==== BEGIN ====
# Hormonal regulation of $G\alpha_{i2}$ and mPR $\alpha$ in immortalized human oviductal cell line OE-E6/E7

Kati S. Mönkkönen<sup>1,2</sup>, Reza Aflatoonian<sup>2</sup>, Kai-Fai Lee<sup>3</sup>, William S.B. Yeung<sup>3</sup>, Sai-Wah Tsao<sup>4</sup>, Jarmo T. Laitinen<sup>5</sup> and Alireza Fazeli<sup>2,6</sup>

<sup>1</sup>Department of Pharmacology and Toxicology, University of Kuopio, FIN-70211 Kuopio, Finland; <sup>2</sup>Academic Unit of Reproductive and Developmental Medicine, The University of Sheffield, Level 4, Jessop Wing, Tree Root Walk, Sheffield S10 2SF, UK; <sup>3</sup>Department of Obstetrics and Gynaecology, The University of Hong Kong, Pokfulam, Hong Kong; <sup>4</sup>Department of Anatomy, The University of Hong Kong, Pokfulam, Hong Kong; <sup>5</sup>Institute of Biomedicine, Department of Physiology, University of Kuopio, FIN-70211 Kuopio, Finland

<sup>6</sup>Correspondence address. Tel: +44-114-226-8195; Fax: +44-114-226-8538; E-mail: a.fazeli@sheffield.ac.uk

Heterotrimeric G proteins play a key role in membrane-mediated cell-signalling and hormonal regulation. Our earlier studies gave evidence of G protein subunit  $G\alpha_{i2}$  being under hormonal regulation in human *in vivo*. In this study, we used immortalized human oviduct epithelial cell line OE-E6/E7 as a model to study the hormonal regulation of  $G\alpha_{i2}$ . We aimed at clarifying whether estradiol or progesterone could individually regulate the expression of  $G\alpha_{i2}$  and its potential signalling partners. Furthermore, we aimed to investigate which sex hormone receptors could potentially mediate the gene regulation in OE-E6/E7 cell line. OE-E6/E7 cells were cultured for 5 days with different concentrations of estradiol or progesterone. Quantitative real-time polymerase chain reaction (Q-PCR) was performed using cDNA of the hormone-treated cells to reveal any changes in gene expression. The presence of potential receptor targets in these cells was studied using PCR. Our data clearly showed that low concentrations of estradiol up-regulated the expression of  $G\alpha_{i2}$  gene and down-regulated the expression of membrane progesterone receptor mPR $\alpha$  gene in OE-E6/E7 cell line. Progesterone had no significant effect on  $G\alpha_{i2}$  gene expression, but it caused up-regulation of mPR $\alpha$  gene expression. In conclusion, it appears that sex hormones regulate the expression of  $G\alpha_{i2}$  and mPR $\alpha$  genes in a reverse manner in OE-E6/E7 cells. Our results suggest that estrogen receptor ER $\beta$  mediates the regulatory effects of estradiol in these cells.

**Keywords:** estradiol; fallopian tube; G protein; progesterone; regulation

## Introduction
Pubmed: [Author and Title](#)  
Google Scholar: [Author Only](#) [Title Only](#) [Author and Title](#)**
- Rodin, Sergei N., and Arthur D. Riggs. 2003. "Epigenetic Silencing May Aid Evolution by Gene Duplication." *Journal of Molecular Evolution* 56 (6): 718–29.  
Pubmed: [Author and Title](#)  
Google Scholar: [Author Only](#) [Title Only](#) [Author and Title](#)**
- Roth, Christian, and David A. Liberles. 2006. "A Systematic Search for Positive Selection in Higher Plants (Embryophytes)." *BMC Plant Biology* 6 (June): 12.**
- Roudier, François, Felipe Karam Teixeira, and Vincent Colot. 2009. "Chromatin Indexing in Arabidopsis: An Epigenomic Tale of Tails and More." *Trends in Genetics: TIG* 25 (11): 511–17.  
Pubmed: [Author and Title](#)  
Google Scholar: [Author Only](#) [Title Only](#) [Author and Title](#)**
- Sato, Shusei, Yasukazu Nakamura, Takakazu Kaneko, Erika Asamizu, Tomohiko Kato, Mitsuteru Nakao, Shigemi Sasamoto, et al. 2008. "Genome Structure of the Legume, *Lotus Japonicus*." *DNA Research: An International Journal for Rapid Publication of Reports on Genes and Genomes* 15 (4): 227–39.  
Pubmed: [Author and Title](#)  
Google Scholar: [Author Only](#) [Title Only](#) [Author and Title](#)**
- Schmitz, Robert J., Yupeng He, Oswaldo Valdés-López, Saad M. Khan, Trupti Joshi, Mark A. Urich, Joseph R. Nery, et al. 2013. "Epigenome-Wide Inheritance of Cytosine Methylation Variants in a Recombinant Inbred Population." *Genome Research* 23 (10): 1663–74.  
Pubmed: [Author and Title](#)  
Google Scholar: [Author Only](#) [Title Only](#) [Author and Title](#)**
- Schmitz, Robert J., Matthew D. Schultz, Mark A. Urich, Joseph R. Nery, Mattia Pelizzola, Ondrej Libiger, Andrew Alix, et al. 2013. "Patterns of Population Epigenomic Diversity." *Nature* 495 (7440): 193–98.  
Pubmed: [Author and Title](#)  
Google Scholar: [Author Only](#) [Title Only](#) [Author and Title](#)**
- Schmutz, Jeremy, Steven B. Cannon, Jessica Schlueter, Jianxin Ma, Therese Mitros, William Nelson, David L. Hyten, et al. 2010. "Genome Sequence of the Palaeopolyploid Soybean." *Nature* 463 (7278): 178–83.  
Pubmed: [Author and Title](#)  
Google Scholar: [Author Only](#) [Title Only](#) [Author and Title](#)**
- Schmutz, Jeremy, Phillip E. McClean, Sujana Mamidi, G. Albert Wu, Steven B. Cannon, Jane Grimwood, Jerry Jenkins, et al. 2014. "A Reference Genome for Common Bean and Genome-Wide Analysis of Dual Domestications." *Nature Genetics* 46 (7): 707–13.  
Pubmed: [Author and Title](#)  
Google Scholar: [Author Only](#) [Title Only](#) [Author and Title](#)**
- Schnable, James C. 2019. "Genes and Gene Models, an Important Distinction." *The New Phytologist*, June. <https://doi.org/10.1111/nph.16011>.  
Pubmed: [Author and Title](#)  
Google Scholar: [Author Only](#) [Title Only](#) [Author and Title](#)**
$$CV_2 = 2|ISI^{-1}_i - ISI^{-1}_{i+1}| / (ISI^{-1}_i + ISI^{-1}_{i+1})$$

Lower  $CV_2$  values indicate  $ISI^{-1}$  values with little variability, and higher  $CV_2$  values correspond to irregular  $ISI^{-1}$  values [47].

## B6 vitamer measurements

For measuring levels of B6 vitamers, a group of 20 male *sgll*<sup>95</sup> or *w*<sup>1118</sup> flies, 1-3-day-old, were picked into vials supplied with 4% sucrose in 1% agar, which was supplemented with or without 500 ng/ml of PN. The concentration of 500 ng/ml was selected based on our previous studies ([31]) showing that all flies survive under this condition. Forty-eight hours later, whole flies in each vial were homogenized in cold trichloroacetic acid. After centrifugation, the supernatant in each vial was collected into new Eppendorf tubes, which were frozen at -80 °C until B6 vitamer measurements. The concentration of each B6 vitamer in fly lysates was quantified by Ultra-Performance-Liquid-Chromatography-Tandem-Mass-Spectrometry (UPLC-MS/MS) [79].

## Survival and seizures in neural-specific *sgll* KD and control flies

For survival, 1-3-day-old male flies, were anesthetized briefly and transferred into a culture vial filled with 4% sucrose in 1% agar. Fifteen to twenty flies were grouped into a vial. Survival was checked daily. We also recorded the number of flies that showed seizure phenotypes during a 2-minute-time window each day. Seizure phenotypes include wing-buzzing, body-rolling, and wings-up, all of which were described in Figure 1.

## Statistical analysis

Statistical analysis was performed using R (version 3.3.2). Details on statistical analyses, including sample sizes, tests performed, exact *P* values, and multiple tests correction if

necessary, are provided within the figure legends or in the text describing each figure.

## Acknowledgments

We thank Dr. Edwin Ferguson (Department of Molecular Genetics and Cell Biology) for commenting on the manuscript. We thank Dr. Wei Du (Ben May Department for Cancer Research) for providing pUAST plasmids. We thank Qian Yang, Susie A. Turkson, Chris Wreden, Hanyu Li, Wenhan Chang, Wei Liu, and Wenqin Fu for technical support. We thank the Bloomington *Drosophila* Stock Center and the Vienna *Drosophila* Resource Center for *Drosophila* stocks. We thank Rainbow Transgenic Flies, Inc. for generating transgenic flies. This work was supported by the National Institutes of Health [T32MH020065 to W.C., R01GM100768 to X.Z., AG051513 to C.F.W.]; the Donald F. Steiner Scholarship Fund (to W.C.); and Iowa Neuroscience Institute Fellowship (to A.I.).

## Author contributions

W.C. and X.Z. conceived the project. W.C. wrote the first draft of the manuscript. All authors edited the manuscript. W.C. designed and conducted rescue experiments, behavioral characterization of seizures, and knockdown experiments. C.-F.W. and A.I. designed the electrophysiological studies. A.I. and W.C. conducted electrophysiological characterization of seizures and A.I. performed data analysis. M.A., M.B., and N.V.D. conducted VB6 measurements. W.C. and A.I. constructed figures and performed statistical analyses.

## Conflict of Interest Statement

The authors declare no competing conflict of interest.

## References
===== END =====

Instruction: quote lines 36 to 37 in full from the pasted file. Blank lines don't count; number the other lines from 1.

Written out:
Lower  $CV_2$  values indicate  $ISI^{-1}$  values with little variability, and higher  $CV_2$  values correspond to irregular  $ISI^{-1}$  values [47].

## B6 vitamer measurements